Rachel Nickell's Partner Takes Claim To Europe

Andre Hanscombe says no one has been held accountable

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The partner of Rachel Nickell, who was murdered on Wimbledon Common, is taking his compensation claim against the police to the European Court of Human Rights.

Andre Hanscombe said today (November 16) that there had been a catalogue of mistakes made in the investigation, but no one had been held accountable.

Ms Nickell, aged 23, was sexually assaulted and stabbed to death on the Common in 1992 in front of her then two-year-old son Alex.

Colin Stagg, from Roehampton, was wrongly charged with the crime, leaving murderer Robert Napper free to kill again before DNA technology caught up with him in 2007.

After Napper's trial Mr Hanscombe, who had been living with Ms Nickell near Wimbledon Common at the time of her murder, made a complaint to the Independent Police Complaints Commission. But he was told there was no basis for a civil claim.

He told Radio 4's Taking A Stand programme today: "The final team did produce a successful conviction of Rachel's killer, but at the same time there has been absolutely no holding to account of anybody who was responsible for all of the mistakes. Everyone was going down blind alleys and the oversight was just not there.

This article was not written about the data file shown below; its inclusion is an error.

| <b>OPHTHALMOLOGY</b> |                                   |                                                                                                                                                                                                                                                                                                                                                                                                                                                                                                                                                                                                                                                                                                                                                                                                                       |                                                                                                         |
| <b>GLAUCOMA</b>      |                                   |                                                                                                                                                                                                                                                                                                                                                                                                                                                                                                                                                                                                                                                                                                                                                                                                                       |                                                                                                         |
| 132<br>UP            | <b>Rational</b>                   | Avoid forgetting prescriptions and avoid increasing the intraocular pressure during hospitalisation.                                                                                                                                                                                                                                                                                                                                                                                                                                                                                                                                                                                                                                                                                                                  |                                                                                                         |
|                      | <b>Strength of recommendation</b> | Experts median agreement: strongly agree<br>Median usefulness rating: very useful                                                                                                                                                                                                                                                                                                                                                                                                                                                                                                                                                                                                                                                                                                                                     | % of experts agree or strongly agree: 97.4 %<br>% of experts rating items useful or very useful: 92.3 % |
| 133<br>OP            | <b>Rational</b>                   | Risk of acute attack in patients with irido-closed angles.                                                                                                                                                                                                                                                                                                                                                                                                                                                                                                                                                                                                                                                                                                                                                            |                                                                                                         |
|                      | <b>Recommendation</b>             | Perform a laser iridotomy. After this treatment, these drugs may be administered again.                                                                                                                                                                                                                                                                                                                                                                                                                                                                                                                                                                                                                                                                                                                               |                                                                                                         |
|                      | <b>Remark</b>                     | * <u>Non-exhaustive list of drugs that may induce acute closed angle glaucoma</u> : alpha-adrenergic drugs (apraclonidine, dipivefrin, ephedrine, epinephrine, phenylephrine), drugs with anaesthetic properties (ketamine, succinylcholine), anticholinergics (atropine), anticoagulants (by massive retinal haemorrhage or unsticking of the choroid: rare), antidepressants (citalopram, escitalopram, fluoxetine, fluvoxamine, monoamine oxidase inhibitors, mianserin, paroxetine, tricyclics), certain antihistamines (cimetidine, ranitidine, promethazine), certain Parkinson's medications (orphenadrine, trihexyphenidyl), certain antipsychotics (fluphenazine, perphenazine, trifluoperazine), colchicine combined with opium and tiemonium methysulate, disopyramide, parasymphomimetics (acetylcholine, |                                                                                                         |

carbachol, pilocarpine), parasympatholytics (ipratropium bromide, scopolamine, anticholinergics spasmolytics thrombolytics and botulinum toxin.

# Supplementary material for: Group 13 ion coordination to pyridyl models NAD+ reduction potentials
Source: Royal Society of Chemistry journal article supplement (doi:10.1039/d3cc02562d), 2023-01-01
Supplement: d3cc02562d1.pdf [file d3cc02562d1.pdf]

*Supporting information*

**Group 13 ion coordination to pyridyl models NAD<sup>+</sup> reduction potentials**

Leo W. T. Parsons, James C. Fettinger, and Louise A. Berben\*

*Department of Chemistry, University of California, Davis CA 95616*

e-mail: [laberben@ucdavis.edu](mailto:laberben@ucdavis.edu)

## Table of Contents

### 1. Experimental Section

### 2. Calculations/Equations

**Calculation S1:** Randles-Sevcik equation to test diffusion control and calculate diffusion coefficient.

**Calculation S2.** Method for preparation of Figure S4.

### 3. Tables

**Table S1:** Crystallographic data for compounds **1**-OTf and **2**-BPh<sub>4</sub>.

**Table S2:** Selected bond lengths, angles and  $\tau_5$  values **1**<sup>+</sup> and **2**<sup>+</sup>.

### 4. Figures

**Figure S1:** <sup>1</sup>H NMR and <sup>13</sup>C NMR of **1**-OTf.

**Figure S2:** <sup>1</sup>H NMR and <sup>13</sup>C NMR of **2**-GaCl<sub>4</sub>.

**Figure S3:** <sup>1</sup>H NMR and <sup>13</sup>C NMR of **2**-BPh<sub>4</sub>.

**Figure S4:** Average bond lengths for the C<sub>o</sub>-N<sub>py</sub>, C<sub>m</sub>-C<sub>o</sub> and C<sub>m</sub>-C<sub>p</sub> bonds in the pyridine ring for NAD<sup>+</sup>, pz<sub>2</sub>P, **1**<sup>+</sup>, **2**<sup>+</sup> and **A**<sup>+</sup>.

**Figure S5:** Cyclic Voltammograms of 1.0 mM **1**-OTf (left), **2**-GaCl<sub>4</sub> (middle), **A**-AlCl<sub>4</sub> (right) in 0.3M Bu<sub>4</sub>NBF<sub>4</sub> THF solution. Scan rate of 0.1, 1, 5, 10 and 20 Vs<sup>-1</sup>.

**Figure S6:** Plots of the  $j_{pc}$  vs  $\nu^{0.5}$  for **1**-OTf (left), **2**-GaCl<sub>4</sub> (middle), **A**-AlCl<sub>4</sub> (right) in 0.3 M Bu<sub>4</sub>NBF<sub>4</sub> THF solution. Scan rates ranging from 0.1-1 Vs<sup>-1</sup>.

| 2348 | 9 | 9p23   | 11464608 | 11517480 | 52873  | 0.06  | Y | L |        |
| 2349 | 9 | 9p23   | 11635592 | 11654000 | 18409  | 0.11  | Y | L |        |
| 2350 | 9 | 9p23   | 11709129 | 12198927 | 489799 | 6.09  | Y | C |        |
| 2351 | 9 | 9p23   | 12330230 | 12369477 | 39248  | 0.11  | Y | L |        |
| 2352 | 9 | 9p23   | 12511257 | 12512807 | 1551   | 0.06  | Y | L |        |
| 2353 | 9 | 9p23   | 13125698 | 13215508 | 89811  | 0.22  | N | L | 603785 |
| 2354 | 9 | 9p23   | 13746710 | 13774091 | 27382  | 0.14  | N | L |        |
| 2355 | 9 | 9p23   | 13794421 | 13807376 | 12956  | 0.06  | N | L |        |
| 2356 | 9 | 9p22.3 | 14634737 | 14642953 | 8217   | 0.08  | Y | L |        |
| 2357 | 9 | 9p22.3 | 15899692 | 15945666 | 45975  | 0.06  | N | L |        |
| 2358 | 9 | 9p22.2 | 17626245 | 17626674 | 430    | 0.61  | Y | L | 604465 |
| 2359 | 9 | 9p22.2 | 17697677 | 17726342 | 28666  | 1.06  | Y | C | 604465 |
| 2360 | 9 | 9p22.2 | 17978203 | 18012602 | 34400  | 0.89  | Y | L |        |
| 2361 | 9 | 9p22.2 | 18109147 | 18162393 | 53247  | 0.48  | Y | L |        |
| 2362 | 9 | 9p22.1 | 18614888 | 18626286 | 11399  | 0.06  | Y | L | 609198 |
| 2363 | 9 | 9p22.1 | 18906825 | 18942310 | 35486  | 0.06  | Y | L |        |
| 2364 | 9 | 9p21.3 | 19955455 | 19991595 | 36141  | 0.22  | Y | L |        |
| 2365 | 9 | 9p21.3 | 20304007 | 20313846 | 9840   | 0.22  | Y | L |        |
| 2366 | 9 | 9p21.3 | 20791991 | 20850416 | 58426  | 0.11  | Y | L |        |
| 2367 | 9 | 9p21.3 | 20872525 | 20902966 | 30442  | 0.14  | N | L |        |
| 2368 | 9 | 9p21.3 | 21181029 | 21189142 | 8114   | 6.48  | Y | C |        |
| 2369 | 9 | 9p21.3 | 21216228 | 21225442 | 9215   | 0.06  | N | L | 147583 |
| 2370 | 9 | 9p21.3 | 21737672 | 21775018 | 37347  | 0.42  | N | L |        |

"The most important thing after all these years is that this is never allowed to happen again. Nobody has been held accountable and nobody at any high level has been forced to resign."

He said he was now taking the case to the European Court of Human Rights.

The Metropolitan Police issued this statement: "The MPS has apologised unreservedly for failings in the investigation into Rachel Nickell's murder. Andre Hanscombe's lawyers wrote to the MPS seeking compensation but have accepted that there is no basis for a civil claim against the MPS.

"There has already been a payment made to Alex Hanscombe from public funds for the impact of his mother's murder. Having considered all relevant factors the Metropolitan Police Service has made the difficult decision not to compensate Mr Hanscombe or pay his legal costs."

November 16, 2010